Let’s take a step back. You want to visualize **volumetric data** but talk about cases where rays are not hitting any **geometry**.

In your image, are the black triangles the geometry which contains volumetric data, like a material with volume absorption and scattering coefficients, volumetric emission etc. or are the orange bounding boxes of your kD-tree enclosing volumetric data outside and inside that triangle mesh, like a participating media?

Is there additional geometry inside your scene which is not the volumetric data?

If the triangle mesh is the boundary between volumes, meaning the outside is a different medium (e.g. vacuum) than the inside of the closed mesh (e.g. fog, smoke, milk), then there wouldn’t be a need to build other bounding boxes around that because the ray tracer would directly hit the mesh itself and could march along the ray after entering that volume and stop once leaving it again.

The idea with the front and back face culling should work for that, unless there are intersecting volume boundaries but that would be an incorrect scene setup for such an algorithm.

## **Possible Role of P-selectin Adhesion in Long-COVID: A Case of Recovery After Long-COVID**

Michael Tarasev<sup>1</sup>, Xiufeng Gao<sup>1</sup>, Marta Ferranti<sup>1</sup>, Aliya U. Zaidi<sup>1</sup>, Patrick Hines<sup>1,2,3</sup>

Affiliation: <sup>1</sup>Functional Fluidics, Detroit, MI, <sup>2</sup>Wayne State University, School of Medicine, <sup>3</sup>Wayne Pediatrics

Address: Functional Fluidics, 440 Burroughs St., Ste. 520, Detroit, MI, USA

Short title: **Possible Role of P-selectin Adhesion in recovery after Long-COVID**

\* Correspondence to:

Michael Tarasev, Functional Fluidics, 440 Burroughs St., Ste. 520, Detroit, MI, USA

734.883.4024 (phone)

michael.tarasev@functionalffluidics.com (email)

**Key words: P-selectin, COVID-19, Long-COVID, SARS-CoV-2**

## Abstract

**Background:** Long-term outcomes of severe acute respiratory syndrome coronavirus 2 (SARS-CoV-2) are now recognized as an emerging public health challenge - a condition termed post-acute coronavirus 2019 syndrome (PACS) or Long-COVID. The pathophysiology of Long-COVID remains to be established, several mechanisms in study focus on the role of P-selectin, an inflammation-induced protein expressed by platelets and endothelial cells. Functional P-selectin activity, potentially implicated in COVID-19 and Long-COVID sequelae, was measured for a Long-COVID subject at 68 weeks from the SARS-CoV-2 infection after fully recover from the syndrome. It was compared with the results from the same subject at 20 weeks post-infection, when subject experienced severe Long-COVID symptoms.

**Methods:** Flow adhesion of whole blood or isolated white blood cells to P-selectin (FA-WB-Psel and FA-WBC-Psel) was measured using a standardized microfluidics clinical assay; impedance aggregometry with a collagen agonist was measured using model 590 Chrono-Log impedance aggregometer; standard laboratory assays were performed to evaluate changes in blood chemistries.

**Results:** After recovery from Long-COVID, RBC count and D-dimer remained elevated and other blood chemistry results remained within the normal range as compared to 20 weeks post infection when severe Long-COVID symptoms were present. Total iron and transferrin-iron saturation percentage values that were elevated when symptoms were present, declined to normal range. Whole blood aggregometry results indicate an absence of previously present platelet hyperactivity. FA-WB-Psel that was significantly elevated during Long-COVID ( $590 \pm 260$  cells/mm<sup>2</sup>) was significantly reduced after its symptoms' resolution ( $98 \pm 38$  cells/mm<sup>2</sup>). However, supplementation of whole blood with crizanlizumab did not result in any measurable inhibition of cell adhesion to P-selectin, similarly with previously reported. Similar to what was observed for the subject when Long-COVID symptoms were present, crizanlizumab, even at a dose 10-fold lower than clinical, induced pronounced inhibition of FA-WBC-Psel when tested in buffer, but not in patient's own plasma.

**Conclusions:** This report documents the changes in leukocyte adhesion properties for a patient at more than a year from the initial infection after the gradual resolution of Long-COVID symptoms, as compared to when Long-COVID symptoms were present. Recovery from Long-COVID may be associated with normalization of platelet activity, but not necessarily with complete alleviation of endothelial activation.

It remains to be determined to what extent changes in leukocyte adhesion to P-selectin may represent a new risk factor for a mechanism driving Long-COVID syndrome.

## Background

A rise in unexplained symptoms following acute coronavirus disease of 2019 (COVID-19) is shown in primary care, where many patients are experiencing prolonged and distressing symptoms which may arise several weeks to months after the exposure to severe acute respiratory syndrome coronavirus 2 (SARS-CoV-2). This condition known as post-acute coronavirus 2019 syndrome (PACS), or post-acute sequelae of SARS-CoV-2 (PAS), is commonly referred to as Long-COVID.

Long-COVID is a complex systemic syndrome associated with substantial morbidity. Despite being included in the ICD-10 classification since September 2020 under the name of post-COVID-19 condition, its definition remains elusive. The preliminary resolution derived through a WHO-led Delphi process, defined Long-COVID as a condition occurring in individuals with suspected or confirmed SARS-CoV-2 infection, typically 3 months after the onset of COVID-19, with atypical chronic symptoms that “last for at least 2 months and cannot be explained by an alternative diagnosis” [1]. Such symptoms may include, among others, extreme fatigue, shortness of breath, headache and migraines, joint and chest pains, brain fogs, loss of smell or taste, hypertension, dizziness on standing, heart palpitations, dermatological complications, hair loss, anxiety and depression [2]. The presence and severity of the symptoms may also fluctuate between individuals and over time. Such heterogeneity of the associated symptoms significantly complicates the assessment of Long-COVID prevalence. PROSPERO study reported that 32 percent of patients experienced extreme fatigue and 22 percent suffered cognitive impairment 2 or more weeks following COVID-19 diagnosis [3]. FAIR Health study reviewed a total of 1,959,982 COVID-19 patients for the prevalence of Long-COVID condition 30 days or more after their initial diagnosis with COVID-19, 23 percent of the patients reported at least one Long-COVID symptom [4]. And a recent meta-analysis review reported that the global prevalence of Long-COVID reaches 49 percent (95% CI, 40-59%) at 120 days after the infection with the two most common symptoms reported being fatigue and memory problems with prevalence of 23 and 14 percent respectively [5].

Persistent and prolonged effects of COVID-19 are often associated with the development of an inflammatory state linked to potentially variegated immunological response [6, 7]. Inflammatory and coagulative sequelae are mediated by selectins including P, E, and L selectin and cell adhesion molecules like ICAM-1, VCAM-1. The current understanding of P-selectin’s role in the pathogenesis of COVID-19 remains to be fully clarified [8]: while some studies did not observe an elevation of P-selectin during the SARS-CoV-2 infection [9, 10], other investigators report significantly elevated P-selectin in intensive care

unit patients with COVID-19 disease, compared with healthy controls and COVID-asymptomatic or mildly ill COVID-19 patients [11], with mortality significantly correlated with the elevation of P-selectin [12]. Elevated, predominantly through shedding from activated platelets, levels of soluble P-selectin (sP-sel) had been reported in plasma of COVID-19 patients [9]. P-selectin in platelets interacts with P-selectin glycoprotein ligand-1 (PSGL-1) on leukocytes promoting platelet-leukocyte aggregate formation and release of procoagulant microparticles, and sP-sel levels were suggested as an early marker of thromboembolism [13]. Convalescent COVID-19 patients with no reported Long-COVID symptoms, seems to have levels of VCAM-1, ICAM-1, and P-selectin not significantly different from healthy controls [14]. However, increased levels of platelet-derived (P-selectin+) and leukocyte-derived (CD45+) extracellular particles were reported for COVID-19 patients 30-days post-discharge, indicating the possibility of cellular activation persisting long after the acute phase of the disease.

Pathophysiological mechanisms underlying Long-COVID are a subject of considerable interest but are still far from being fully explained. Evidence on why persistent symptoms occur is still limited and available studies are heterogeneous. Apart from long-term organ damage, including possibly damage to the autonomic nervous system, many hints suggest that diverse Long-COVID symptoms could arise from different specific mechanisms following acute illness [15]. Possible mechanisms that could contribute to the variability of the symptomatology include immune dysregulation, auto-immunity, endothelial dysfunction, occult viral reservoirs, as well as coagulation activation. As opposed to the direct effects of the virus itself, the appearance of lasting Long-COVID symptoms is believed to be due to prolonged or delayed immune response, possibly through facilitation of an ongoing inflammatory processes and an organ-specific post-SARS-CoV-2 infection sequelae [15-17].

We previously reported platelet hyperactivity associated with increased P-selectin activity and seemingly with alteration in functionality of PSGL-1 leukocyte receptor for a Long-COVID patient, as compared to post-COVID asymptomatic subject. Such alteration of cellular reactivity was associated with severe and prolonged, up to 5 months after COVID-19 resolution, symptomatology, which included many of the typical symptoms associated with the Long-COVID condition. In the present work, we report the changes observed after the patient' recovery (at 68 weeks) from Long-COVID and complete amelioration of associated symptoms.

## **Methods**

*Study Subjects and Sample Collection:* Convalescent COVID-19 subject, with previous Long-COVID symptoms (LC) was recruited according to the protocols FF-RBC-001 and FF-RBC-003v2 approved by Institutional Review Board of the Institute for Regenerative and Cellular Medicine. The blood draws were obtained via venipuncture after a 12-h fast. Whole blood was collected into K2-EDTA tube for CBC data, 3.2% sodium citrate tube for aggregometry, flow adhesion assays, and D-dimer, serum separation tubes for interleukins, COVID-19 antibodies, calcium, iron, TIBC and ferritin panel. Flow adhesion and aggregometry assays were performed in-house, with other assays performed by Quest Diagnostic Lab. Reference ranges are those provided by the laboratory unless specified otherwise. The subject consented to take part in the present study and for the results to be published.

If the volumetric data is actually represented with some bounding boxes which define spaces with volume data inside where empty space can quickly be skipped by not having any bounding boxes for volume parts without any scattering medium information, you could simply build an acceleration structure where these bounding boxes are built of triangles (12 per box) and the same algorithm as for the mesh as boundary between two surfaces would apply.

Care would need to be taken to no miss adjacent boxes, like in your image where the middle ray goes from the left-most orange box into the right-most orange box. Make sure you do not miss the entry of the right-most box.

Let’s assume all triangle geometry is properly wound, world coordinate space is right-handed, front face is counter-clockwise triangle winding. Then you can either use the built-in triangle face culling or the face normal (`float3 unnormalized_face_normal = cross(v1 - v0, v2 - v0);`

) of a hit to determine on which side of the triangle your ray hit.

You get that information inside the closest hit program of your primary ray, store that entering point resp. entering intersection distance on your payload and return to the ray generation.